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November 29, 2013 6:19 pm
What to say about Mark Morris, his dances and his dancers, save that their return this week to Rosebery Avenue is the most welcome, the most stimulating of events? I would add that, in a city where inadequate, score-bruising choreography abounds, we see in Morris’s work the triumph of an art of subtlest creation and sensibilities, movement an organic and radiant development of its music. Strong words? Of course, and necessarily so when activities that have lately occupied this same stage (notably with Hofesh Shechter and Rambert) have tarnished the good name of choreography.
Morris, who has genius, offers us – in this first of two programmes – dances that are the most seemingly natural and felicitous realisations of their score. Design? A bare stage, discreet costuming, good lighting. Music? The refined resources of Morris’s own ensemble – a septet comprising gifted singers and musicians – performing Beethoven’s settings of British folk songs, Weber’s Grand Duo Concertant for clarinet and piano, Satie’s Socrate. The result? An evening of dance penetrating of its music, both beguiling and uncompromising, a vivid image of what the composer created.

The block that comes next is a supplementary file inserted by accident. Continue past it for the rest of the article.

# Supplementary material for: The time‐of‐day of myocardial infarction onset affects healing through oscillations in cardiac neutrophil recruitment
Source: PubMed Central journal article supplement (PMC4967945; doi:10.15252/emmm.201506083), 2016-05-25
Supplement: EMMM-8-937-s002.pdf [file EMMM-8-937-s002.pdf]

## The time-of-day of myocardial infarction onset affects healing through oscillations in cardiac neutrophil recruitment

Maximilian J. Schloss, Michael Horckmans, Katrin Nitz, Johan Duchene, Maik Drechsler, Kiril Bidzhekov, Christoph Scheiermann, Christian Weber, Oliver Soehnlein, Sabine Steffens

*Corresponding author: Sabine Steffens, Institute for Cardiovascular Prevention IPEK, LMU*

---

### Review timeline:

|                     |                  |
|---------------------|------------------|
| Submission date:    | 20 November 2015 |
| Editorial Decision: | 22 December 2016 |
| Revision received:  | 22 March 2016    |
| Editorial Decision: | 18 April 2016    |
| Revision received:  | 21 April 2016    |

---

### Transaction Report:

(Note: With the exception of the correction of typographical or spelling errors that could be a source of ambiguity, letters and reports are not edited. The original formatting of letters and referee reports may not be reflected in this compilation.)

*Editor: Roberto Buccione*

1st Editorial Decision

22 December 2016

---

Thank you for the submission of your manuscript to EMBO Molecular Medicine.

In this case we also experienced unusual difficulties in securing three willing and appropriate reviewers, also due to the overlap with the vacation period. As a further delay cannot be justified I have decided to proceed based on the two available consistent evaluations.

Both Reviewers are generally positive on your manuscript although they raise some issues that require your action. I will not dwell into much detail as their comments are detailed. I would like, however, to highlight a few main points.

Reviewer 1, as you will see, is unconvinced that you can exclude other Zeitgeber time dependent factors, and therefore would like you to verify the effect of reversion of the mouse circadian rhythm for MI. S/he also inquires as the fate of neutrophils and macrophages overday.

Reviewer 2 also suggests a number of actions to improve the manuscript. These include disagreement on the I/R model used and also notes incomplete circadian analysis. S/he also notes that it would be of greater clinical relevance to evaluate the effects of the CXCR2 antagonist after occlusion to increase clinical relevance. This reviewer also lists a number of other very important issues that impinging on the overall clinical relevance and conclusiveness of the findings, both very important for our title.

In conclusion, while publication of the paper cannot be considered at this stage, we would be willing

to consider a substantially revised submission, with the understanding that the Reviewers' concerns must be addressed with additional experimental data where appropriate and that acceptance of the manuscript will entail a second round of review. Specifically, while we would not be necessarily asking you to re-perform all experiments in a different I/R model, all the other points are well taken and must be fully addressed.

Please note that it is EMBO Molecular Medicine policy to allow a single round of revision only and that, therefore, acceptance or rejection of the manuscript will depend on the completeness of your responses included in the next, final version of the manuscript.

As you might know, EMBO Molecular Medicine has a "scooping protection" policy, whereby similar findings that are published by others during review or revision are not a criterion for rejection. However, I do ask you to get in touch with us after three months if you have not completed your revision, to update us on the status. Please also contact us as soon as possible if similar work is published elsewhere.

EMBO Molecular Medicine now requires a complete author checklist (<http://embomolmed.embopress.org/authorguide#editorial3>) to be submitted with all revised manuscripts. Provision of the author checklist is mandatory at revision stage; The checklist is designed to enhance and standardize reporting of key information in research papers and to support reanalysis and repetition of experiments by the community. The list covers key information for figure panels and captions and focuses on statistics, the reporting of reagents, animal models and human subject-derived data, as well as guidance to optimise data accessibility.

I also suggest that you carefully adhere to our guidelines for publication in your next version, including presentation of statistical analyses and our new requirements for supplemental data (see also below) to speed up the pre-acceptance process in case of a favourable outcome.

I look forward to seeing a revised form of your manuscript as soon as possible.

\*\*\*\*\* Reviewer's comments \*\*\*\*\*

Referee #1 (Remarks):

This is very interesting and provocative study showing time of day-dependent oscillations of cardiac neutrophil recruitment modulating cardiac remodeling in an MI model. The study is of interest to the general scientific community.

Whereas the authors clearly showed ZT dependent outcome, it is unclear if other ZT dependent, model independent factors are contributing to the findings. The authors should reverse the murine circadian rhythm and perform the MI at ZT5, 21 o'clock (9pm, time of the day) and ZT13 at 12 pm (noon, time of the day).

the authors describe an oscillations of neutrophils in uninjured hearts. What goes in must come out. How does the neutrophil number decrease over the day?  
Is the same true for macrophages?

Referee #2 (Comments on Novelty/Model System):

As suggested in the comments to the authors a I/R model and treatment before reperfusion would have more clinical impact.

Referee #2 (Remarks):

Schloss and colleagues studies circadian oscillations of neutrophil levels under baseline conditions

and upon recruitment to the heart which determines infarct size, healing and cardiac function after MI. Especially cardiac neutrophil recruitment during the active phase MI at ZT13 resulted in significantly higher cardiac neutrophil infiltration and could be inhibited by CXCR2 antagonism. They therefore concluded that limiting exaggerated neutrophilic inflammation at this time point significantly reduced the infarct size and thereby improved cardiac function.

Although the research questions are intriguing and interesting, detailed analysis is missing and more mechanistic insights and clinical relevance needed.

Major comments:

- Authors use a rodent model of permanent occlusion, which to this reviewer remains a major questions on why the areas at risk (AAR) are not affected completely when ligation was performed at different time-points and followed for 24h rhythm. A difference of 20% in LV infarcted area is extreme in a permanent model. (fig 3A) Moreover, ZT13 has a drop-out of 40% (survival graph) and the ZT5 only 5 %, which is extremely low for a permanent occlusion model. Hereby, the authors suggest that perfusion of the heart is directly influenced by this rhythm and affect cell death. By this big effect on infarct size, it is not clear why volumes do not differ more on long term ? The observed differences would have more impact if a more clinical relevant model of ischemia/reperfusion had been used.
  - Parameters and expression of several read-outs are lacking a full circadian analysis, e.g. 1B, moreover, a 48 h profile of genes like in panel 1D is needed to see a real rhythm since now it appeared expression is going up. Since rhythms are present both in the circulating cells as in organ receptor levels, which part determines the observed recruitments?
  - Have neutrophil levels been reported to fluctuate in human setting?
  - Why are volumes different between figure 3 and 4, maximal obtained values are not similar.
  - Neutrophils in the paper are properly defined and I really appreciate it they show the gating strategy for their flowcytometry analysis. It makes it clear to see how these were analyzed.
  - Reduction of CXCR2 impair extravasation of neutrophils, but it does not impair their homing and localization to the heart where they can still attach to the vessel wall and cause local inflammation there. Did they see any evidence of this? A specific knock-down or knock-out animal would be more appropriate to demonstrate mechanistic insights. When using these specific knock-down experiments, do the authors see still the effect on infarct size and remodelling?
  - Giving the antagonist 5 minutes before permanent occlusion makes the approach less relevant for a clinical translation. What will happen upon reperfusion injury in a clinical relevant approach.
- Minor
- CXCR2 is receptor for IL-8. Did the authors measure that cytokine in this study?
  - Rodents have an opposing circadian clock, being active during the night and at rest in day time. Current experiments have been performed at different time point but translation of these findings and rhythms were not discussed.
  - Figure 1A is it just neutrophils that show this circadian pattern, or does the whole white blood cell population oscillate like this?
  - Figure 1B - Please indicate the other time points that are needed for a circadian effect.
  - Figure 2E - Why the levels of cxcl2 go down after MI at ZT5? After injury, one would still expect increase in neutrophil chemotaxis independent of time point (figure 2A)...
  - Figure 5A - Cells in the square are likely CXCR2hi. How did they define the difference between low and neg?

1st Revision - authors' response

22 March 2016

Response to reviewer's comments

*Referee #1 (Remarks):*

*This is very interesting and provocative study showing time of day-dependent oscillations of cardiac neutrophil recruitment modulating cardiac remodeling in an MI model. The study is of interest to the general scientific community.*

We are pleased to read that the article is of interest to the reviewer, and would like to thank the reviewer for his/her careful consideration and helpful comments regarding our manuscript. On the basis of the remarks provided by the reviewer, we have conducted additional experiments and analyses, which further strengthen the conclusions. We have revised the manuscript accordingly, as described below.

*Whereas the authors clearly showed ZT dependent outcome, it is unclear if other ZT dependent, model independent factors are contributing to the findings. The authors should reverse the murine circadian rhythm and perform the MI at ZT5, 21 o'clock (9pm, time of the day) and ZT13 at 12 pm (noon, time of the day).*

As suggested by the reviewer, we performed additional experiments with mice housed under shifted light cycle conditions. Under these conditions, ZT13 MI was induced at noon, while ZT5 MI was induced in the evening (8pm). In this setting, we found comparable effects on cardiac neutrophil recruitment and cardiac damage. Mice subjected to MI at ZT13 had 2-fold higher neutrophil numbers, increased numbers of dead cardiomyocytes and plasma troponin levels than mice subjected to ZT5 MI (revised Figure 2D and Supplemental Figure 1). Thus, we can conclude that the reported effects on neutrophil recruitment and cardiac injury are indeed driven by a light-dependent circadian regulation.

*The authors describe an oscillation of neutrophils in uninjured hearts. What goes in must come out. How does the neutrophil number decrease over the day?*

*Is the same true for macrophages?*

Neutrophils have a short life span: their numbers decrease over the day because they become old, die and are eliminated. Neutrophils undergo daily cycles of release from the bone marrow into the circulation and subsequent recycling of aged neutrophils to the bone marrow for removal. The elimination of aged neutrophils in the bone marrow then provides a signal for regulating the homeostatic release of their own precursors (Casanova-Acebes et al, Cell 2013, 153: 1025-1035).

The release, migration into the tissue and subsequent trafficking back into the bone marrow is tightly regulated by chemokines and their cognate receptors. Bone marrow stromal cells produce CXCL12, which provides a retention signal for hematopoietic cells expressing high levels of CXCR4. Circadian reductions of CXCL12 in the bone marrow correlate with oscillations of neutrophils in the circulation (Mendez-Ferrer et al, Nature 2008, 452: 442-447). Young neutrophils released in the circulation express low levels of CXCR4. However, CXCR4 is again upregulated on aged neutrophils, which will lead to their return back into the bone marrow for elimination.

The Muir takes Beethoven’s delightful songs, shows us their charm, their world, and in a final heart-tearing sequence, their soul. Crosswalk is a joyous realisation of Weber’s virtuosities and ingenuities of craft for the clarinet, its every least feat of bravura explored by 10 buoyant men and three flame-garbed women, running (and walking) across the stage, springing delightedly over their music, its forms their forms, its happy rhythms theirs. Socrate offers a prodigious visualisation of Satie’s austere masterpiece concerning the philosopher’s final days. This most unemphatic music (idiomatically given by the tenor Zach Finkelstein and the pianist Colin Fowler) is explained, respected, as Morris’s dancers, clad in pale-hued tunics and chitons and kilts move through choreography that probes with every restraint the heart of Satie’s score. I think it a masterpiece and, like so many of Morris’s dances, amazing in power, eloquence, clarity of vision. And lit by a radiant humanity. Choreography unalloyed, life-enhancing. Vast gratitude to Morris and his artists.
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